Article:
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EP093: {Now + n, Now – n}

By Robert Silverberg.
Read by Stephen Eley.

All had been so simple, so elegant, so profitable for ourselves. And then we met the lovely Selene and nearly were undone. She came into our lives during our regular transmission hour on Wednesday, October 7, 1987, between six and seven P.M. Central European Time. The moneymaking hour. I was in satisfactory contact with myself and also with myself. (Now – n was due on the line first, and then I would hear from (now + n).

Rated R. Contains sex, nudity, and explicit finance.

Comments (33)

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  1. Terrence says:

    What a great spin on the ubiquitous struggle for Personal Space! I really enjoyed this story. I liked the First-person, present-tense style of the narration…though some phrases seemed a bit robotic.
    As the story progressed I begin to find the relationship quite
    tortuous and I found myself feeling very bad for them…until their ‘solution’ was found.

  2. Lee Cherolis says:

    This was a good one. Even my complete lack of an understanding of the stock market wasn’t a problem. I did spend a lot of time thinking, why doesn’t he just set up a regularly scheduled “I’m at work” time every Monday Wednesday and Friday? He misses the constant contact with his other selves? Does that mean that over time if he’s not in constant contact will his mastery of his gift fade?

  3. vburn says:

    I really enjoyed the story. I keep waiting for a twist to revel she was some SEC undercover agent sent to stop him. I guess that goes back to Steve’s intro on romance in SciFi/Fantasy being an untapped market because I never would have guessed a “we worked togather to find a happy ever after” ending.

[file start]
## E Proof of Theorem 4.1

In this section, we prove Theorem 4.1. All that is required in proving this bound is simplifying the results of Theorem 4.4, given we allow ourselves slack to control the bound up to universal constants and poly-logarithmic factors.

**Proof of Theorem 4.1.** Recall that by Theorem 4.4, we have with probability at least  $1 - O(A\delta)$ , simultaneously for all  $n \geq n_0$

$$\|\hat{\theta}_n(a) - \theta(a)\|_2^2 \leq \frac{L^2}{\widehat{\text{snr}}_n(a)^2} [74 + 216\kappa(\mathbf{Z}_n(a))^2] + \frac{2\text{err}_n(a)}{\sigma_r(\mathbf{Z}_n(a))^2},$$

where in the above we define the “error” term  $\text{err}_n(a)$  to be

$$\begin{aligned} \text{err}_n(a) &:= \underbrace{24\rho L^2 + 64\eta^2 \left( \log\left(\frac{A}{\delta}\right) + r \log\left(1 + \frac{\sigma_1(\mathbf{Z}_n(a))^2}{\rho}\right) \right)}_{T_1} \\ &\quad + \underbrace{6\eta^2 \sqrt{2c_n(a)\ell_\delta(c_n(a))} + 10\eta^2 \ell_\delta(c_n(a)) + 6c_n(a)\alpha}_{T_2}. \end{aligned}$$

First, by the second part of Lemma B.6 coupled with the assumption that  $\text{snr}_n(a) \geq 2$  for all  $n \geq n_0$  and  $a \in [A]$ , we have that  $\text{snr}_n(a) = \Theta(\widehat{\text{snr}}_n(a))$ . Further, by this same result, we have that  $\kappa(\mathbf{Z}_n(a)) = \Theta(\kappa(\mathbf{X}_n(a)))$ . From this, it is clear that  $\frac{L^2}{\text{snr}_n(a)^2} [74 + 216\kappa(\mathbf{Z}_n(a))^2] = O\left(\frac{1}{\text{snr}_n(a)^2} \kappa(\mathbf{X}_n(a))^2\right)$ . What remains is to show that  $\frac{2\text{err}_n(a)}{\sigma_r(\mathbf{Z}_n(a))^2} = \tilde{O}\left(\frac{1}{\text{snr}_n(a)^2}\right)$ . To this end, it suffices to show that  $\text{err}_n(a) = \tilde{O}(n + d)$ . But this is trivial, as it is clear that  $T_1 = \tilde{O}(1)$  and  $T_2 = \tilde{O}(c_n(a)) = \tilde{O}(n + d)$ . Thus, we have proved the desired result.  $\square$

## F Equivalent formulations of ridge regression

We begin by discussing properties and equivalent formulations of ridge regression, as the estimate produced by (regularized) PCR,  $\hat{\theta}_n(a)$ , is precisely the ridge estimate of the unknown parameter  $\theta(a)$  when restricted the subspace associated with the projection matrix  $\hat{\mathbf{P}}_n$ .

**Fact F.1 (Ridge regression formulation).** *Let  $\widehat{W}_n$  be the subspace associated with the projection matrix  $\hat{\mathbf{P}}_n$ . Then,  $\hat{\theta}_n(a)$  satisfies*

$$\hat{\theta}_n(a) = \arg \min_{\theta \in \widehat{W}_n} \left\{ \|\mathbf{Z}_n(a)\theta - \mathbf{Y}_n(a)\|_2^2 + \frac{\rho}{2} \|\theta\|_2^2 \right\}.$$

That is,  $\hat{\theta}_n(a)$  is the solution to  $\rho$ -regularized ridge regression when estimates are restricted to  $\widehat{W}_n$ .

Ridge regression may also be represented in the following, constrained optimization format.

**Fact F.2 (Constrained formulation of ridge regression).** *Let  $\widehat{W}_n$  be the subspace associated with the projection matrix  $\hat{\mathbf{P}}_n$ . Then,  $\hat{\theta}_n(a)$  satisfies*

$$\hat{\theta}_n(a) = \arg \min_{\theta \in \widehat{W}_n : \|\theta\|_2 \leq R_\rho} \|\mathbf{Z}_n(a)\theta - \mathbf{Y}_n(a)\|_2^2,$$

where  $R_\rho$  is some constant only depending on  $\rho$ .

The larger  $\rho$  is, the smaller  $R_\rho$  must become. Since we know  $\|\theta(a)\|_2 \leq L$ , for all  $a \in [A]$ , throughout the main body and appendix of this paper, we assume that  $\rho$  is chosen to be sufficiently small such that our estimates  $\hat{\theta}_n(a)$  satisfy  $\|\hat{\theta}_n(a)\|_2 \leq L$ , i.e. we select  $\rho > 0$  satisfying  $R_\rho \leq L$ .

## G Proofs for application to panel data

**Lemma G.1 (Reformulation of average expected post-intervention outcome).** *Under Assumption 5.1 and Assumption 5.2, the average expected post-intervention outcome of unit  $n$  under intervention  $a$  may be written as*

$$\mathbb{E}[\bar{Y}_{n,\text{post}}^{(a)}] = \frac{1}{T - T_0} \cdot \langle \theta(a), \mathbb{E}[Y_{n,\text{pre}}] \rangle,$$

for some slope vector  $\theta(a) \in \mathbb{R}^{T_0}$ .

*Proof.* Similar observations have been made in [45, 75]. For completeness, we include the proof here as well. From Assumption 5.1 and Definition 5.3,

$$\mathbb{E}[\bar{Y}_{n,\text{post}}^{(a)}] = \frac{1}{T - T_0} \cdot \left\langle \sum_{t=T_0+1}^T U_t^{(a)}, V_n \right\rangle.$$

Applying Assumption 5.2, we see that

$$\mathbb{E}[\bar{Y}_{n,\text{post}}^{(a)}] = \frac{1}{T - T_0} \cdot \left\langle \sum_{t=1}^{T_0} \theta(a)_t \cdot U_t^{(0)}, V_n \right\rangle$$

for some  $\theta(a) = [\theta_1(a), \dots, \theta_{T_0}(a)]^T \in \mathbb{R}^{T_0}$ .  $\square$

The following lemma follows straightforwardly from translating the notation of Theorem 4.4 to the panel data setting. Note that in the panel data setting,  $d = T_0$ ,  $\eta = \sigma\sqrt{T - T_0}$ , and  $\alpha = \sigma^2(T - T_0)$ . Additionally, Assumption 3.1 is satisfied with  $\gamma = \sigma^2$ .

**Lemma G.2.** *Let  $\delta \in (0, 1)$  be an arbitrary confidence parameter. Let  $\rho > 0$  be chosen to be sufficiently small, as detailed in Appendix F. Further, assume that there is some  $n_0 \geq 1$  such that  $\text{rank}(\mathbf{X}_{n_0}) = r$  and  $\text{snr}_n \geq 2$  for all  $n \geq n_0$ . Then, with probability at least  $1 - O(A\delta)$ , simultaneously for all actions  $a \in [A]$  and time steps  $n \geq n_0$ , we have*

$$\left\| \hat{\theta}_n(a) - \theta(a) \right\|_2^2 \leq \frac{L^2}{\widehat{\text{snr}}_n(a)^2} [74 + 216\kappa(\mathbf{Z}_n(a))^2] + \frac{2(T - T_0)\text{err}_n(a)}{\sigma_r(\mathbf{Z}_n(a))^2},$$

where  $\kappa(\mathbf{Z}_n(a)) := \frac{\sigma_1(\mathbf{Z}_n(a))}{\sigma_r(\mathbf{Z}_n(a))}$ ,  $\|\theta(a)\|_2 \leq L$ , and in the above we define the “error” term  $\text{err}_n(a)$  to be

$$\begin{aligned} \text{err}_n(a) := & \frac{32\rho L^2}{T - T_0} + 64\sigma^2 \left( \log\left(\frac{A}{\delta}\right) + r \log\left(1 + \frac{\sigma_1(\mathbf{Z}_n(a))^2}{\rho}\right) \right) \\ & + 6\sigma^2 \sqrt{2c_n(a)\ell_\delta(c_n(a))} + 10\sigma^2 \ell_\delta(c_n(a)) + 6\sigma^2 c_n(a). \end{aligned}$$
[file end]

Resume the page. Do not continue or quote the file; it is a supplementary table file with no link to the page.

4. Leon Kensington says:

    Shakespeare said, “Love blinds.”

    Here it is quite somewhat literal.

  5. Winsmith says:

    Wow… incredible! This must be one of my most favourite Escape Pod story ever! Really well read too!

  6. OZ says:

    I agree with Winsmith — this is one of my new Escape Pod favorites!

  7. TomOfChicago says:

    I loved the story, but was a little concerned by some of the plot holes. If some guy in the future gave her the amulet, for instance, why did she not stay in the future? Once she had the amulet, she should have been unable to jump to that past. That said, a wonderful story.
    Thanks!

    Tom

  8. Randbot says:

    I really liked the concept and the general story overall, but I found the central problem of the story so miniscule as to be laughable. He’s agonizing over the fact that he has to choose between his fortune and … finding a way to be more than 20 feet away from the love of his life at set intervals every 48 hours? Wow, that sounds IMPOSSIBLE to set up [/sarcasm]. Plus, I realize you want to “show, not tell,” her secret, but I found her response to his confession — to fling her amulet off a cliff and become crazily unstuck in time — to be a pretty absurd overreaction to the situation.

  9. L33tminion says: